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Showing posts from April, 2016

Rescuing child refugees is valuable work, but the system can't see it

Dutch children arriving at Tilbury in 1945. Today's refugees may be less well organised, but they are no less needy Which is more valuable? The rescuing of vulnerable refugee children, or the management of a retail chain in the years prior to its collapse? By "more valuable" I mean which of these two activities brings more benefit to society? This question may seem contrived, but in a week when the previous owners of BHS are reported to have received hundreds of millions of pounds from the now collapsed business, while the government declines to help child refugees adrift in Europe , it is, at least, topical and relevant. The activities of businessmen like Sir Philip Green are said to add value to the UK economy, whereas saving the lives of children is just a cost to be avoided if possible. Green received a knighthood for his pains ; the children are left to fend for themselves on the streets or in unofficial camps. It is natural to feel distressed at the mis

Junior doctors are the standard bearers for a new economy

Photo: Garry Knight, Flikr (licence  here ) This government's confrontation with junior doctors , which looked at one point like a traditional labour dispute about terms and conditions, has morphed into something much more important. What we are witnessing is an existential debate on the nature of value. How do we, as a society, value doctoring, or indeed teaching or any caring activity? With figures showing  that the fastest growing sector of the economy in the past 25 years is head office activity and management consultancy, the junior doctors' strike is a timely reminder that we can, as a society, choose what we value, and manage the economy accordingly. At present we are stuck in a Thatcher era mindset, a perverse world of market economics in which caring is a cost that has to be paid for by creating wealth in some other way. We are told that financial services, management consultancy, estate agency, etc., create  wealth, which we can then spend on the cost of kee

Productivity in crisis - armies of middlemen living on the backs of the productive few

More productive than it looks? Photo: © Jorge Royan /, via Wikimedia Commons To an otherwise comprehensive overview of the UK's productivity crisis by Duncan Weldon in The Guardian on Monday , one key factor could be added. Paid work is not necessarily productive, and not all productive work is paid. Productivity is the measure of GDP per hour worked. Traditionally, it grows by introducing new methods and technologies, so that a given quantity of goods or services can be provided by a smaller number of people. This frees up other people to create more new wealth. But the figures ignore all the work that people do freely for themselves, their families and communities - work that GDP does not measure . A paid child-minder is “productive”, but a parent minding their own child is not, according to official measures. This means that a lot of the most useful work is left out of the productivity data. And just as unpaid work should be treated as productive, muc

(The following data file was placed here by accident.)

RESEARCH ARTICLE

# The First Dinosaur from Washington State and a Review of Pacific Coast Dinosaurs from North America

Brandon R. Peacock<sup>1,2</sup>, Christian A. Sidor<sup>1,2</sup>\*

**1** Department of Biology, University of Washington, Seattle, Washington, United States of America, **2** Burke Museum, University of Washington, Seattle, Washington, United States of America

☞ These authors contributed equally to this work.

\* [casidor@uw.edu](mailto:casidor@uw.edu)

Decades of sell-offs leave Britain unable to pay its way in the world

Port Talbot Steelworks: p hoto by  Grubb at English Wikipedia  (Transferred from en.wikipedia to Commons.)  [Public domain], via Wikimedia Commons The British government is chucking in some money to rescue UK steel production not as a coherent national investment but to avoid the embarrassment of losing the steel industry on its watch. The moment it gets the chance to sell its new shares it will do so. The labour movement is happy to see thousands of jobs saved by this part-nationalisation, so it won't rock the boat. The episode illustrates the lack of a political strategy for rebuilding Britain's productive capacity. George Osborne won't tell you this, but the deficit that really matters is not in the government's finances, but those of the nation itself. Last year's balance of payments reveals that Britain spent £100 billion more than it earned. Unless we find a way to pay our way in the world, we're headed into yet more serious trouble. Nearly fort

To provide affordable housing, we need to defy the conventions of the market

Quality council housing form the 1960s, when land was for use, not investment. Photo copyright  John M  and licensed for reuse  under this  Creative Commons Licence Housing campaigners in Bristol are angry that the city council has sold off 14 council houses , even though the proceeds are to be used to build new homes. In conventional market terms, the deal makes sense. The houses are old and in poor condition, but their location in expensive areas makes them valuable. So why not sell them and put the money into new, low maintenance replacements? But conventional does not mean right, and the the anger is justifiable for two reasons. First, if these houses are desirable to people who want to buy them and do them up, then why could they not be desirable to council tenants, too? The second reason is more fundamental. If you want to create affordable housing, the easiest way is to sell houses for less. But just as huge swathes of London's once-social housing have been sold i